Manu Prakash, PhD.

Stanford
Prakash develops measurement tools, such as ultra-low cost microscopy platforms for field diagnostics of infectious diseases, for use in extreme resource-poor areas of the world. His aim is to devise new frugal platforms for the diagnosis and surveillance of schistosomiasis, leishmaniasis, and malaria.

David Relman, MD.

Stanford CZ Biohub Microbiome Initiative Investigator
Relman is exploring the assembly, composition, interactions, stability and resilience of the human microbiome in health and disease. He will design and test strategies for monitoring, measuring and manipulating the human microbiome to promote health and accelerate recovery from disease.

Oren Rosenberg, MD, PhD.

UCSF
Rosenberg uses structural biology and microbial genetics to discover and exploit molecular vulnerabilities in bacteria for the development of next-generation therapeutics. He focuses on bacterial virulence systems that mediate interactions with the mammalian host in his search for new targets.

Kole Roybal, PhD.

UCSF
Roybal explores how T cells orchestrate a vast signaling network during their activation in the immune response. He will focus on the dynamics of synthetic notch receptors and other signaling domains to devise new ways of controlling immune function in cancer therapy.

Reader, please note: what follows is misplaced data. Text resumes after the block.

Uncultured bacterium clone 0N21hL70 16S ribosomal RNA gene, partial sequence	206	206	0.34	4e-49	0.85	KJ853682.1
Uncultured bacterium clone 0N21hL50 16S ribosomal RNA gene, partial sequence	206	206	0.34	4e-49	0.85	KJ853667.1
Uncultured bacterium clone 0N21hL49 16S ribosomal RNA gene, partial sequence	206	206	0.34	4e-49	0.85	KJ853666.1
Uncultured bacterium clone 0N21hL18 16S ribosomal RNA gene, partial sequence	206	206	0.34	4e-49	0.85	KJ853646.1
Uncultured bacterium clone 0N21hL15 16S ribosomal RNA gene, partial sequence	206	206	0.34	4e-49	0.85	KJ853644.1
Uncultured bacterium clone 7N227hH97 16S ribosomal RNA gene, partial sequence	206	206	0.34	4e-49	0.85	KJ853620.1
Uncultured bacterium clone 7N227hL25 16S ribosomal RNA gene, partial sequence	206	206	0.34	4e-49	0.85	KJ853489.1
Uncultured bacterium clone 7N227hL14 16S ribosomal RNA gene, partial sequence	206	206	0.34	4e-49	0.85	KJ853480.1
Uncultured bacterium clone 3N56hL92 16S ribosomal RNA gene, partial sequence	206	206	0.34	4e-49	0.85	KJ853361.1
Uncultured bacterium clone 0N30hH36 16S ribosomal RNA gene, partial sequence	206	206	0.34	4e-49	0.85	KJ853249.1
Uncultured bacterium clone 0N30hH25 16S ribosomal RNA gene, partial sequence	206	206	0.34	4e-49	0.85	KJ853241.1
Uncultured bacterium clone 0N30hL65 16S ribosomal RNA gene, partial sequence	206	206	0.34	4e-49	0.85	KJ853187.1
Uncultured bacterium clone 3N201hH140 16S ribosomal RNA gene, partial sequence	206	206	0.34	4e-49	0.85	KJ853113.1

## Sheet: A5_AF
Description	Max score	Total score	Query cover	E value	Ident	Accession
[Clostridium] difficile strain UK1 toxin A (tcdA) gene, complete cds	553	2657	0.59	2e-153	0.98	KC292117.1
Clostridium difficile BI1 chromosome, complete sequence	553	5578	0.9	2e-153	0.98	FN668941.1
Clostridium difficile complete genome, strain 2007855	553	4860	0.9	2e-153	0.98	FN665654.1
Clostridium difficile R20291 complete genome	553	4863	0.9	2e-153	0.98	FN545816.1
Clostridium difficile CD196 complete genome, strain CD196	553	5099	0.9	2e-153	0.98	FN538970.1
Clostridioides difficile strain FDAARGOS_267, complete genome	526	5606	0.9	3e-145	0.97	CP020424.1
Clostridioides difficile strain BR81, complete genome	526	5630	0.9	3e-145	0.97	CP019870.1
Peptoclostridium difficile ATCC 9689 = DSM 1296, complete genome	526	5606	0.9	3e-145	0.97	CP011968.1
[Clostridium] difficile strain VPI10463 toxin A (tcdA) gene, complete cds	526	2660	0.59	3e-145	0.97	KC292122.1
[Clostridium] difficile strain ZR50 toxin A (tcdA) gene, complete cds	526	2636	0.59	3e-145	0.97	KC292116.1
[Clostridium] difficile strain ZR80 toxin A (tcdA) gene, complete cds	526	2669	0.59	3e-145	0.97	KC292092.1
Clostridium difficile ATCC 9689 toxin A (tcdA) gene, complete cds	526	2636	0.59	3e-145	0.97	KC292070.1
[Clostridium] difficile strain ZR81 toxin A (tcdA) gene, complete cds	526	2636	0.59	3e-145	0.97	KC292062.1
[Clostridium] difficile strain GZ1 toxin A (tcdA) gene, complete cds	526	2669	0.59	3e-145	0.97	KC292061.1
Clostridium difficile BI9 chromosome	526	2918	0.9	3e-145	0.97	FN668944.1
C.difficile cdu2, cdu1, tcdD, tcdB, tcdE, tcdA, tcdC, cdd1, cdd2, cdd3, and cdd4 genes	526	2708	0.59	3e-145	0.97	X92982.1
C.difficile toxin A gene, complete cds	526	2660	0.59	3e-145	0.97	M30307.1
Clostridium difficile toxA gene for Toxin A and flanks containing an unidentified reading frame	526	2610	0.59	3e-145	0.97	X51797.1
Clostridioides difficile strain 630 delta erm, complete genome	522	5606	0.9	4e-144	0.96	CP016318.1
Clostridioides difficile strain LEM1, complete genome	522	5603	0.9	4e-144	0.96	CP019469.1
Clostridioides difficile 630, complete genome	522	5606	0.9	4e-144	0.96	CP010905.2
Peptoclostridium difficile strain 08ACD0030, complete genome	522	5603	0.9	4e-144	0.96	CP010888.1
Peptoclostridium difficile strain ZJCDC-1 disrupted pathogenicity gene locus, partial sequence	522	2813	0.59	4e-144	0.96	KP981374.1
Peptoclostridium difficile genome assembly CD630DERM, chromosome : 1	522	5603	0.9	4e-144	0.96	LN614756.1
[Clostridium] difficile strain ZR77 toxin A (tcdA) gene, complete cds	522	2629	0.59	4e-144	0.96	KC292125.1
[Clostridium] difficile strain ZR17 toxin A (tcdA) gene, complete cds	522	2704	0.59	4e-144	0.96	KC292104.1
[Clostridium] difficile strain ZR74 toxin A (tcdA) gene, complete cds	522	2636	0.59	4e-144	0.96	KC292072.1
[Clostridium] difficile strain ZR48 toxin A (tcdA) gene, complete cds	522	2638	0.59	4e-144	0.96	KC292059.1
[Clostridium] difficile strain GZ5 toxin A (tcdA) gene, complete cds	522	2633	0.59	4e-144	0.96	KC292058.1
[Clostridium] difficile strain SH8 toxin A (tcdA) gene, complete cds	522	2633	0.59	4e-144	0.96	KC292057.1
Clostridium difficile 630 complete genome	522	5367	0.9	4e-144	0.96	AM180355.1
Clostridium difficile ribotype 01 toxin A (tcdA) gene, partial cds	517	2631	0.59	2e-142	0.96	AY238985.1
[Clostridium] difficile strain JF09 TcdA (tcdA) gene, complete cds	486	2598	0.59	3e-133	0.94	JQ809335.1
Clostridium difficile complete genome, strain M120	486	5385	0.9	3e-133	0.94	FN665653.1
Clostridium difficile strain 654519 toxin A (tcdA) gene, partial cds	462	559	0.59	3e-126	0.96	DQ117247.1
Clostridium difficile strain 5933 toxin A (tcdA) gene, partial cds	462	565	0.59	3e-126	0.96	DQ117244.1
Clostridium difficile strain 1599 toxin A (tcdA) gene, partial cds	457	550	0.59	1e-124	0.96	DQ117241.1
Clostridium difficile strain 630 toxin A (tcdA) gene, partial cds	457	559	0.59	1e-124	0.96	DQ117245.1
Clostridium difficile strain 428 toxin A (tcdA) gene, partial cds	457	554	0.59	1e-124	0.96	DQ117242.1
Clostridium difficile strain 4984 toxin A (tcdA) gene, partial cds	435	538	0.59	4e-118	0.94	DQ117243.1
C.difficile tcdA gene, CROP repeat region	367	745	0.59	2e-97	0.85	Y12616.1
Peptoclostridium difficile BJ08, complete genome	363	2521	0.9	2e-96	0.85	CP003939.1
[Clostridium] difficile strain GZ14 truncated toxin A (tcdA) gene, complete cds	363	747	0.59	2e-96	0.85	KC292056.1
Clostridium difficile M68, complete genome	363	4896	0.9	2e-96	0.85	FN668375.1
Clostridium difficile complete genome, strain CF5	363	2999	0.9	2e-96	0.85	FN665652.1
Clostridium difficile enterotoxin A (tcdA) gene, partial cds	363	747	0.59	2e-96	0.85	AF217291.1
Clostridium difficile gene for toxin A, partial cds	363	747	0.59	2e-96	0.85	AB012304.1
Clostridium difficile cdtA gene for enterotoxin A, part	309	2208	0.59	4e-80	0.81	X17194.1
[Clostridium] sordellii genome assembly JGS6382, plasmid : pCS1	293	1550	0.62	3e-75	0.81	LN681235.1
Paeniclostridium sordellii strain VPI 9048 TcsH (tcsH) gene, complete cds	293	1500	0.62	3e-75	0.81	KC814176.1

Kim Seed, PhD.

UC Berkeley
Seed carries out epidemiologic studies of the interactions between bacteriophages and Vibrio cholera in samples obtained from cholera outbreaks to enhance our understanding of how these viruses shape the communities of these pathogens and affect infectivity. She will also determine how microclimates impact phage-host interactions.

Lucy Shapiro, PhD.

Stanford
Shapiro has established the bacterium Caulobacter crescentus as a powerful model organism for understanding self-organization and spatially controlled differentiation leading to daughter cells with different cell fates. She is developing a reaction-diffusion model that includes all essential cellular process to gain a deeper understanding of asymmetric cell division and cell polarity.

Christina Smolke, PhD.

Stanford
Smolke is engineering yeast to produce complex, valuable plant-inspired medicinal compounds like those widely used as antihypertensives and anticancer agents. She interacts with experts in plant-specialized metabolism to identify gene clusters that can be inserted into her optimized yeast platform to accelerate the discovery of new therapeutic agents.

Tom Soh, PhD.

Stanford
Soh has devised sensors capable of continuously monitoring specific biomolecules in vivo and a control system for achieving real-time closed-loop controlled drug delivery in live animals. He plans to generate detection systems for hitherto untargetable biomolecules and to develop real time sensors that can be implanted in vivo to detect multiple biomolecules that are medically important.

Yun Song, PhD.

UC Berkeley